This post is part of the On the Margin blog.
The first three months of 2017 started out much the way 2016 ended, which for the restaurant industry is a bad thing.
Overall, consumers dined out less. Average same-store sales for the publicly traded restaurants that have reported so far this earnings season declined by 0.4 percent.
And consumers were choosy when they did eat out. Same-store sales performance ranged from a decline of 15.8 percent at Pie Five to an increase of 17.8 percent at Chipotle Mexican Grill Inc. Factor out the unusual nature of Chipotle’s sales of late, and you still have a 26-percent gap between Pie Five and the next largest, Domino’s Pizza Inc.
This consumer pickiness permeated the industry, regardless of sector. There was no safety in coffee or fast casual or quick service. All of them scuffled.
While not quite every company has reported their earnings so far, we have enough to pick the quarter’s winners and losers.
Winner: Technology. Domino’s same-store sales grew 10.2 percent in the first quarter. That company is a massive advertisement for infusing restaurant chains with technology, and just about everybody is following suit. Domino’s same-store sales increased 16.6 percent on a two-year basis, but that growth is more than 30 percent over three years. The company’s technology advantage is given much of the credit.
Loser: Other pizza chains. Overall same-store sales in the business fell 1.9 percent in the first three months of the year. And that’s with Domino’s 10 percent. Without Domino’s? Average decline was 4.3 percent.
Winner: Chipotle. As I’ve said before, Chipotle’s sales are growing more slowly than it appears with a 17.8 percent first quarter same-store sales figure seems to show. Yet that’s still strong, and the company is winning back business after a lost 2016.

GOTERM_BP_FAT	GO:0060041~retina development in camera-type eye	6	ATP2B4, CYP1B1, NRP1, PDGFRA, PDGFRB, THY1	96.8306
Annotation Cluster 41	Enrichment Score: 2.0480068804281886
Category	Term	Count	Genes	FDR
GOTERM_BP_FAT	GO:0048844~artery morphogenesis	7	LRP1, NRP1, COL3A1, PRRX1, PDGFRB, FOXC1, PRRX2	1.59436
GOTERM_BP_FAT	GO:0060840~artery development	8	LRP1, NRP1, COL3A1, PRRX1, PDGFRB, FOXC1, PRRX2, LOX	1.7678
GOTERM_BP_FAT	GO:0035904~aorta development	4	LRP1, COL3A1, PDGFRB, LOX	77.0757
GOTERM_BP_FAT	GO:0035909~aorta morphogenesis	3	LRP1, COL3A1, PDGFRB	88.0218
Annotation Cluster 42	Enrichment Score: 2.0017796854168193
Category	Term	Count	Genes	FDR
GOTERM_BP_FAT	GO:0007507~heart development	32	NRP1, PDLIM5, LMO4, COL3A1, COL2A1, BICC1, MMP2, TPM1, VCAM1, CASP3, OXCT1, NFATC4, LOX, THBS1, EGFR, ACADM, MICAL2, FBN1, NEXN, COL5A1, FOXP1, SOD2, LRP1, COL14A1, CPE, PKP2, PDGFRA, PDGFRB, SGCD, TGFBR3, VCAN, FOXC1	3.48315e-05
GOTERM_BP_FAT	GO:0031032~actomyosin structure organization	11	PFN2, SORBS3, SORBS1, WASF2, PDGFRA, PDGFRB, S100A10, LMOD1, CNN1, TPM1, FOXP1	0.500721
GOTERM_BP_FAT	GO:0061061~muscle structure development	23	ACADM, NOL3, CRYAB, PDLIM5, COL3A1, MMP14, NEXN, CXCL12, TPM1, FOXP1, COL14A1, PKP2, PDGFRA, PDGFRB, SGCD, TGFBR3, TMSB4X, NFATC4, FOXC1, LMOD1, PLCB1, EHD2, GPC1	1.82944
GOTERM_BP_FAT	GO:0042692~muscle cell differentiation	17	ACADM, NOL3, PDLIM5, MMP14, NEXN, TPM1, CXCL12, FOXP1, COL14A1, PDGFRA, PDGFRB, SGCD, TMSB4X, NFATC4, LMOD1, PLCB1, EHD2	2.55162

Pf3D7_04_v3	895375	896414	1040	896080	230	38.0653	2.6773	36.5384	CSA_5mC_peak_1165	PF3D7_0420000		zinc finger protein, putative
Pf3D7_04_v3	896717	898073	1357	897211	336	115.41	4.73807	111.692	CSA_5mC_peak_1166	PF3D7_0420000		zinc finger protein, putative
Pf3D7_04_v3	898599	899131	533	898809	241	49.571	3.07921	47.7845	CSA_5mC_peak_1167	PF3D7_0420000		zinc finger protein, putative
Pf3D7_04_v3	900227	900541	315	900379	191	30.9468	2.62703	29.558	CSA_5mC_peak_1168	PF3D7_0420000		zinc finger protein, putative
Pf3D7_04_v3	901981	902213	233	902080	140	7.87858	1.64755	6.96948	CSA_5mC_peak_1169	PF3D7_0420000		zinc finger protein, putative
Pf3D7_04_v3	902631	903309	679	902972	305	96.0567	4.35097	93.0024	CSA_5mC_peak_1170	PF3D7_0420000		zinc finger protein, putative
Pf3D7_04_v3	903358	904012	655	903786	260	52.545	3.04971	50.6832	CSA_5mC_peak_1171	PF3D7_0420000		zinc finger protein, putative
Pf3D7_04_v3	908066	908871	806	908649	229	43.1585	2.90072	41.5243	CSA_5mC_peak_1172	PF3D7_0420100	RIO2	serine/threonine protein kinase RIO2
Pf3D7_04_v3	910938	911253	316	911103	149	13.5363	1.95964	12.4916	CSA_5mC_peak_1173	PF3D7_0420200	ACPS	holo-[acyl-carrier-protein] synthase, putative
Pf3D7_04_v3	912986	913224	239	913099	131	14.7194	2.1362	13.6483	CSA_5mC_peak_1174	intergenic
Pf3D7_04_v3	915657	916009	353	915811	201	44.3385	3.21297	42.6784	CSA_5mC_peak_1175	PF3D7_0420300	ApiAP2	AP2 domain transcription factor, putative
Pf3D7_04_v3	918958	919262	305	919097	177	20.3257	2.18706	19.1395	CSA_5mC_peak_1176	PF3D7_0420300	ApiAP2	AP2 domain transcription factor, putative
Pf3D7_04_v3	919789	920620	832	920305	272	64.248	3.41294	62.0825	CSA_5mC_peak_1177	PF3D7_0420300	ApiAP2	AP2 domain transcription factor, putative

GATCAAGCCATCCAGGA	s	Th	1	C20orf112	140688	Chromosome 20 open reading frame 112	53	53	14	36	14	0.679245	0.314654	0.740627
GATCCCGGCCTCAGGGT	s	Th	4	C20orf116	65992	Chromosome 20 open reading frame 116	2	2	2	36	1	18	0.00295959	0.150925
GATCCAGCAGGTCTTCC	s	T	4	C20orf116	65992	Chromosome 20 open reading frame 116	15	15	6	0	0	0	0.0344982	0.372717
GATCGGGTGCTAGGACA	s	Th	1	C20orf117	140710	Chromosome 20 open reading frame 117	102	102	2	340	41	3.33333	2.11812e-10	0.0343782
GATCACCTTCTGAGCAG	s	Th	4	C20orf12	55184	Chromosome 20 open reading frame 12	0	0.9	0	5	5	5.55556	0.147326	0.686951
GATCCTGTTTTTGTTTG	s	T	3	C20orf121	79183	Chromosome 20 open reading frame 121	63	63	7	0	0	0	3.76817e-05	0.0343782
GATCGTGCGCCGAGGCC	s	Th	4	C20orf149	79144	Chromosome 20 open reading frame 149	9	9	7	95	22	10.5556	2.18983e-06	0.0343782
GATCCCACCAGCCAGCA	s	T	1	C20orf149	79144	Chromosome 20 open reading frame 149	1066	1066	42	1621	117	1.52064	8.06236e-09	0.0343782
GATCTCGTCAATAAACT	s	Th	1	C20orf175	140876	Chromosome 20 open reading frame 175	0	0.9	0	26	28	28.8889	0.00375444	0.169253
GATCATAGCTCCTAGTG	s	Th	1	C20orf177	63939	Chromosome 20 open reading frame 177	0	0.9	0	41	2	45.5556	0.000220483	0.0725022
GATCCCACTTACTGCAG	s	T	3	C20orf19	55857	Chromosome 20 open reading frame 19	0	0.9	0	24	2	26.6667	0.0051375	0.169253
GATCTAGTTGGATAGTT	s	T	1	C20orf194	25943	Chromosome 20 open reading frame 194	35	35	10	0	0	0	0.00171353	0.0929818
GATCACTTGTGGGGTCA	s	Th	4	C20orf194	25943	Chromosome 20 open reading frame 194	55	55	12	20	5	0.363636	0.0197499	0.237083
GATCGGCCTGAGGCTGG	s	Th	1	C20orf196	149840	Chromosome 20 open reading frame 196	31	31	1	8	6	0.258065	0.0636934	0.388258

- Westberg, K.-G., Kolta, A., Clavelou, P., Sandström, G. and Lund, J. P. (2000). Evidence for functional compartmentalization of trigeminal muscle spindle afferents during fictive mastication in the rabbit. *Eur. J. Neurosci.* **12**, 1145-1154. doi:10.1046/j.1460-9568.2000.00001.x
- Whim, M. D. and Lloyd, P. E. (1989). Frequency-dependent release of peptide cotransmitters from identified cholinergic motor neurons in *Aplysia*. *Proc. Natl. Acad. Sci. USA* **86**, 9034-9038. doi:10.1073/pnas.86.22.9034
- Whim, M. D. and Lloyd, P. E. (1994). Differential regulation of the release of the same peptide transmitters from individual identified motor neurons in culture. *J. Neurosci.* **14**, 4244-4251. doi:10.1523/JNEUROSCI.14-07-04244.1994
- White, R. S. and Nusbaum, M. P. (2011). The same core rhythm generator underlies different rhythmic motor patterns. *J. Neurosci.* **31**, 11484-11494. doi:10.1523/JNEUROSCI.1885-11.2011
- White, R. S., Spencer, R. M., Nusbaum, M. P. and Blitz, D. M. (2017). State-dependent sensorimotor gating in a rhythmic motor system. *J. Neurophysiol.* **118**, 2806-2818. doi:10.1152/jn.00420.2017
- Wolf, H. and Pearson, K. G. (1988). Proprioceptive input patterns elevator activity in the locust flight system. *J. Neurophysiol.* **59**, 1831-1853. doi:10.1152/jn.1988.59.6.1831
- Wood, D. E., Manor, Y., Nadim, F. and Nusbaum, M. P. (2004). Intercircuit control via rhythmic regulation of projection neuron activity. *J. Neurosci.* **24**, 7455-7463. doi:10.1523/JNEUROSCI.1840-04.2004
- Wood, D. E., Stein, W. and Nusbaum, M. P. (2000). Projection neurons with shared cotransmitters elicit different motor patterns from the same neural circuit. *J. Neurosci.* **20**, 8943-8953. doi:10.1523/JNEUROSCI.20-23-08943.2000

Loser: Family dining. A year ago, family dining was demonstrating remarkable strength. This year? Not so much. While Cracker Barrel Old Country Store Inc. has yet to report, average same-store sales for family dining concepts declined by 2.1 percent in the first part of the year.
Winner: Tacos. It’s good to be selling tacos. Taco Bell generated 8 percent growth in same-store sales in the first three months of the year. Del Taco Restaurants Inc., meanwhile, reported 4.2 percent same-store sales growth. With those two chains, quick-service restaurants’ average same-store sales grew 1.6 percent. Without them? Down 1.15 percent.
Loser: McDonald’s competitors. Sonic Corp. reported a 7.8 percent decline in same-store sales through February. Steak ‘n Shake, which from 2008 through early 2016 considered quarterly same-store sales growth its birthright, reported a 3.3 percent decline. McDonald’s may not specifically be to blame, but the company has pushed beverages this year in part to combat Sonic. And if the chain is generating growth, smaller burger chains could be the ones that lose share. McDonald’s, by the way, generated 1.7 percent same-store sales growth.
Winner: Texas Roadhouse Inc. Oddly enough, casual-dining chains had better-than-expected results overall, though an average decline of 0.6 percent for a sector that has struggled for a decade may not be all that great. One consistent performer lately has been Texas Roadhouse, which generated 3.1 percent same-store sales at company locations — 7.7 percent on a two-year basis.
Loser: Applebee’s. We’ve covered problems in the bar and grill sector extensively. But Applebee’s has its own issues. First quarter same-store sales fell 7.9 percent, and were down 11.6 percent on a two-year basis. Let this be a warning to any casual-dining chains considering major upgraded menus.
Jonathan Maze, Nation’s Restaurant News senior financial editor, does not directly own stock or interest in a restaurant company.
Contact Jonathan Maze at firstname.lastname@example.org
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